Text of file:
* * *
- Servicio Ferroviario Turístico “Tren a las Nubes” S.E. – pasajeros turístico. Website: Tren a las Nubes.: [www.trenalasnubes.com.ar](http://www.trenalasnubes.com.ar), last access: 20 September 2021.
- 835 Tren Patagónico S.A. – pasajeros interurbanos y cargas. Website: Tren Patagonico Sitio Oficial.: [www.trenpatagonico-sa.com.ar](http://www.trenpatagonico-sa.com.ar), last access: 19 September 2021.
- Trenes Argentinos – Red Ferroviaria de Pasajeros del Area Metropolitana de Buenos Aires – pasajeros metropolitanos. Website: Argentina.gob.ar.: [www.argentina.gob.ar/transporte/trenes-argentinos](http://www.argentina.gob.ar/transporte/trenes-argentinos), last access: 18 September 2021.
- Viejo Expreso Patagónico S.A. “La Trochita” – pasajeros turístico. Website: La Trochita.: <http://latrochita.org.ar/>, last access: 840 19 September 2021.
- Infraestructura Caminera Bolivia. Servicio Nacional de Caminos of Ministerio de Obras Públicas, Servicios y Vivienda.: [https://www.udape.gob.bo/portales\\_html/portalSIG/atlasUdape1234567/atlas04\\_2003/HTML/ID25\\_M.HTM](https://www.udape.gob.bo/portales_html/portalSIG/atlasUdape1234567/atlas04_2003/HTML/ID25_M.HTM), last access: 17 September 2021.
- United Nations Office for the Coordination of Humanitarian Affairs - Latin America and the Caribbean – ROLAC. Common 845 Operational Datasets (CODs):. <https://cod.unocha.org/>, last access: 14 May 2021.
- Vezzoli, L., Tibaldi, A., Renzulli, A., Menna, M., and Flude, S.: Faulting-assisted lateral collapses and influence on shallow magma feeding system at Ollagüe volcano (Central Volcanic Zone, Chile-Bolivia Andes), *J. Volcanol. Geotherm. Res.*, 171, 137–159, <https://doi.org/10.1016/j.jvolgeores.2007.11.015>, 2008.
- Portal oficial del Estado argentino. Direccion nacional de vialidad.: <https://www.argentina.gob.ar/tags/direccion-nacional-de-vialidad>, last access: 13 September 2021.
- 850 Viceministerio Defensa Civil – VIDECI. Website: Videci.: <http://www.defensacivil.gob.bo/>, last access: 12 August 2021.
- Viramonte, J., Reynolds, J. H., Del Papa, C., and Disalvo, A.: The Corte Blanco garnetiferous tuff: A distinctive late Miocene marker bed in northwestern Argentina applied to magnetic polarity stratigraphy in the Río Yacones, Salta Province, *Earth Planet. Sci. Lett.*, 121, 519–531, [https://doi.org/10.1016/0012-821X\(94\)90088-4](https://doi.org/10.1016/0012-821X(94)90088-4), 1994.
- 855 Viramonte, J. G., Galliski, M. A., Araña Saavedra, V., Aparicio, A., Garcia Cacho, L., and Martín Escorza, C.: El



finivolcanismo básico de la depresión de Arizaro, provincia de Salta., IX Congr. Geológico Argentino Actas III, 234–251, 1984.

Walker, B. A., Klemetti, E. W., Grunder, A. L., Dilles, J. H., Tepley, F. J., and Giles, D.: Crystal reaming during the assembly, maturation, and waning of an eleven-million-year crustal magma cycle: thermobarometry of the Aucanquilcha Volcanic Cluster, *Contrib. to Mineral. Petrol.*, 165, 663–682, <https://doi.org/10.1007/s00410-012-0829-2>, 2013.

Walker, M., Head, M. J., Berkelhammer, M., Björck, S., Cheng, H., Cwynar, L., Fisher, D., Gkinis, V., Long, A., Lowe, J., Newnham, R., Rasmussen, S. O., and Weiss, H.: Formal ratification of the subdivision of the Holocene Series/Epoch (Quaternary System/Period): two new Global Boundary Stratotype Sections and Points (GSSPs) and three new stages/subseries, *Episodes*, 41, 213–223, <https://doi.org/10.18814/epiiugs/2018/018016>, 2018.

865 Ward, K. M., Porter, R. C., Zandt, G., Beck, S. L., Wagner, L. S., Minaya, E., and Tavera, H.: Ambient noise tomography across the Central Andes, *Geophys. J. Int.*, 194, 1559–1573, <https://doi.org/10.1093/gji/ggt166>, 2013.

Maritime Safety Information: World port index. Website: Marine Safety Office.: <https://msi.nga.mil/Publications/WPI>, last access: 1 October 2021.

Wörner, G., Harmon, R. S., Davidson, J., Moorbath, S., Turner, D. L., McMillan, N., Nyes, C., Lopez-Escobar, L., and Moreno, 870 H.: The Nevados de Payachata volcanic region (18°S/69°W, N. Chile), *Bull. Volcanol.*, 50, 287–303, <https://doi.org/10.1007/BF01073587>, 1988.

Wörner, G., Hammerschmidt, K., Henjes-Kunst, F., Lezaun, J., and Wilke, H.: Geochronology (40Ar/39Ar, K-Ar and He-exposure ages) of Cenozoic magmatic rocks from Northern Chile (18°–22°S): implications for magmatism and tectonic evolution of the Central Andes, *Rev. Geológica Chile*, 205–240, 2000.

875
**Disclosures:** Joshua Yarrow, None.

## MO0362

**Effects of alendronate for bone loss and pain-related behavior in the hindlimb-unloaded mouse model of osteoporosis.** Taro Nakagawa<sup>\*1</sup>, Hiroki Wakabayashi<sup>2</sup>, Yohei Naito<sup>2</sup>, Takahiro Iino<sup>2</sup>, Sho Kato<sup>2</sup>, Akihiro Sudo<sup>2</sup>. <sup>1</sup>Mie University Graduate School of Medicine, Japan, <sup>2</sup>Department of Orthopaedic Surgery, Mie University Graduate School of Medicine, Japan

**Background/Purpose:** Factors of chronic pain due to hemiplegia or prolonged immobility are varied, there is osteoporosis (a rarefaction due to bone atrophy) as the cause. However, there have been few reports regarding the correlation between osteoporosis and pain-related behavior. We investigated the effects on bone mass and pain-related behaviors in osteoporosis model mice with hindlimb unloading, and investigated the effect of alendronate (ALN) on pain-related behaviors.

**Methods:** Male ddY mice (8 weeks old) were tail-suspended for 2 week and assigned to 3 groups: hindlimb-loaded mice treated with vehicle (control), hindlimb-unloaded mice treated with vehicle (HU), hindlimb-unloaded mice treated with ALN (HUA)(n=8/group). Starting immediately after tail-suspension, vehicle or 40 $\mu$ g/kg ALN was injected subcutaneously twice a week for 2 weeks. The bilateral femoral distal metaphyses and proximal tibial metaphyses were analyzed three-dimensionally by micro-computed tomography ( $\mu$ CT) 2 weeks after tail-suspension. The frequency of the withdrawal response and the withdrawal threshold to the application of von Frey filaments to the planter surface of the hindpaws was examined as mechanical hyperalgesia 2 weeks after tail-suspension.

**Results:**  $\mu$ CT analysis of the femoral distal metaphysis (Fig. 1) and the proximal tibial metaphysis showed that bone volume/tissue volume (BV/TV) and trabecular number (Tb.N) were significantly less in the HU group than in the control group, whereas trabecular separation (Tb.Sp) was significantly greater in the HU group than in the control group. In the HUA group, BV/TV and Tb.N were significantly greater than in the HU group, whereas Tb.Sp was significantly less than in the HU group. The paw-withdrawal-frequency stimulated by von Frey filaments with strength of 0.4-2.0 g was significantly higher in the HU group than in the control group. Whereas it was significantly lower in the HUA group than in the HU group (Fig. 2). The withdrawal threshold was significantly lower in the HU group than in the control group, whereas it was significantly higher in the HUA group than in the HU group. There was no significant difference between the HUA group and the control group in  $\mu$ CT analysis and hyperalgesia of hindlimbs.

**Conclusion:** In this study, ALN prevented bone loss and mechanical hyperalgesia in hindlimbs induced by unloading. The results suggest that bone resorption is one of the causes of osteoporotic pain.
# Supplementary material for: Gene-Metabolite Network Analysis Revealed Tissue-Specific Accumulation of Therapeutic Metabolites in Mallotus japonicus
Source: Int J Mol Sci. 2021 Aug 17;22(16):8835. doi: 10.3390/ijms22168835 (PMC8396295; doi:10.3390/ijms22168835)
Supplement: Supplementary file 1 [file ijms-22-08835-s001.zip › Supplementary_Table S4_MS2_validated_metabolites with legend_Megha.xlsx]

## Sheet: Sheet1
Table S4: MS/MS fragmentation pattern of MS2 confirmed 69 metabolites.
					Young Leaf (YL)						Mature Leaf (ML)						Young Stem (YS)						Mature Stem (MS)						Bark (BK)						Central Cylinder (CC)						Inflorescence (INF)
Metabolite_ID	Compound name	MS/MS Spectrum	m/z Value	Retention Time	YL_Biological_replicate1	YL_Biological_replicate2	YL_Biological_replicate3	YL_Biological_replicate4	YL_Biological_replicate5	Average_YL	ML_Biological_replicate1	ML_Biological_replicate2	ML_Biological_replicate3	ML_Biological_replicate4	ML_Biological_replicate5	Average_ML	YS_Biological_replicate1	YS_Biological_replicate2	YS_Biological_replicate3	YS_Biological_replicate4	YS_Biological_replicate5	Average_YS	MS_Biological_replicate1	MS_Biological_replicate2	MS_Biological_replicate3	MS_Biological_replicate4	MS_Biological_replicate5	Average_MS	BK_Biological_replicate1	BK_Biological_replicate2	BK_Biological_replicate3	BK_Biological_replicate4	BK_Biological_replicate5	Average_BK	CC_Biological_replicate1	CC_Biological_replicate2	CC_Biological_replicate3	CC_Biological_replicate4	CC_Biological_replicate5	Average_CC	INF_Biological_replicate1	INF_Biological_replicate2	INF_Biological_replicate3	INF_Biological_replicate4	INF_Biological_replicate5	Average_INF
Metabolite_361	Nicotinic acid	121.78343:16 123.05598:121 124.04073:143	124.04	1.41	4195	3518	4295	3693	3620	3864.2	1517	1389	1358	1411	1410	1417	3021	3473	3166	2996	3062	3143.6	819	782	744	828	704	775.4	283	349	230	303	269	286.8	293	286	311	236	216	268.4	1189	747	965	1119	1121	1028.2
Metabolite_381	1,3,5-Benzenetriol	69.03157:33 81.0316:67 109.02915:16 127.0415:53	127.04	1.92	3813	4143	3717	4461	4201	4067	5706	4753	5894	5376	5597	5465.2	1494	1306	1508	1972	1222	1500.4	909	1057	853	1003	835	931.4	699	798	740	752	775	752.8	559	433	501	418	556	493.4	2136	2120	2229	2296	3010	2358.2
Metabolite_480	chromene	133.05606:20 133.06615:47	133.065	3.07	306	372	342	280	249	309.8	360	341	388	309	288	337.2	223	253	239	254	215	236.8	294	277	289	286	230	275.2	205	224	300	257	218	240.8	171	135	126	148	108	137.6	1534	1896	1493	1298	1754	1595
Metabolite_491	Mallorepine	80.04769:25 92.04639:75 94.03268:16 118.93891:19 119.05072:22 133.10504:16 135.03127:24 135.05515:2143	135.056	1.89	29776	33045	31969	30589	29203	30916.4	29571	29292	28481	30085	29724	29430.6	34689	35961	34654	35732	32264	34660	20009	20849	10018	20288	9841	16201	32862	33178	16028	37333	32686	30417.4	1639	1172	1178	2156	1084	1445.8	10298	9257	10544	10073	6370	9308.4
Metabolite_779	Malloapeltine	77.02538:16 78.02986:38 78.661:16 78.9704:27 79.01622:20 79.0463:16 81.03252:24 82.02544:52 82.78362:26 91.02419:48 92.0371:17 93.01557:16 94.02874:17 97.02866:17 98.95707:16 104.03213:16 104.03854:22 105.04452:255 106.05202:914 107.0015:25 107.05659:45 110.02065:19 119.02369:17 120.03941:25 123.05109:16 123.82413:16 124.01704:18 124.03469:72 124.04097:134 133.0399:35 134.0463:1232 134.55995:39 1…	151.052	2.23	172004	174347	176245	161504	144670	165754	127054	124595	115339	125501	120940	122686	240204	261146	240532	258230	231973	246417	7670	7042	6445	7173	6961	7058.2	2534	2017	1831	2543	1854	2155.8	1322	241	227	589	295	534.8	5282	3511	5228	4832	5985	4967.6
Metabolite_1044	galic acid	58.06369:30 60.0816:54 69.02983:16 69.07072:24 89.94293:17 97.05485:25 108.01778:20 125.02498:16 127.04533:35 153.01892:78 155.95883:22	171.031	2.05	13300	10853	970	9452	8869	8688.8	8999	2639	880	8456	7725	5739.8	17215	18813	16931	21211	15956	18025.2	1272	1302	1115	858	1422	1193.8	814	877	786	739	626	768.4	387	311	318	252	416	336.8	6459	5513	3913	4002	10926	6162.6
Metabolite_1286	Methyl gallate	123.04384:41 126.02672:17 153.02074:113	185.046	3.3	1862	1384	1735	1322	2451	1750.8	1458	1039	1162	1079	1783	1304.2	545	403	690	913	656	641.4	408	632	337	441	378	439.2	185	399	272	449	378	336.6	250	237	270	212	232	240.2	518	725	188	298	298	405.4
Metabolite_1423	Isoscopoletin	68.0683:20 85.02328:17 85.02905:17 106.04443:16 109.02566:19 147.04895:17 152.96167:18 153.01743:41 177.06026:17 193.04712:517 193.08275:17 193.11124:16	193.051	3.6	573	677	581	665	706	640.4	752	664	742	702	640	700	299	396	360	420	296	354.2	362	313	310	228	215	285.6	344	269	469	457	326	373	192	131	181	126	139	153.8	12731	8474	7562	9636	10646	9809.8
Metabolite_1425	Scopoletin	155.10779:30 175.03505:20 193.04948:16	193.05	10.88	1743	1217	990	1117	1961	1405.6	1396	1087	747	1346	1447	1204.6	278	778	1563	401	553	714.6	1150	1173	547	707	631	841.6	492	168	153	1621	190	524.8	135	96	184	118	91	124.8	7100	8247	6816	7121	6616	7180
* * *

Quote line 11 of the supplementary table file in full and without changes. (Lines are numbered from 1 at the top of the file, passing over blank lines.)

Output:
- 855 Viramonte, J. G., Galliski, M. A., Araña Saavedra, V., Aparicio, A., Garcia Cacho, L., and Martín Escorza, C.: El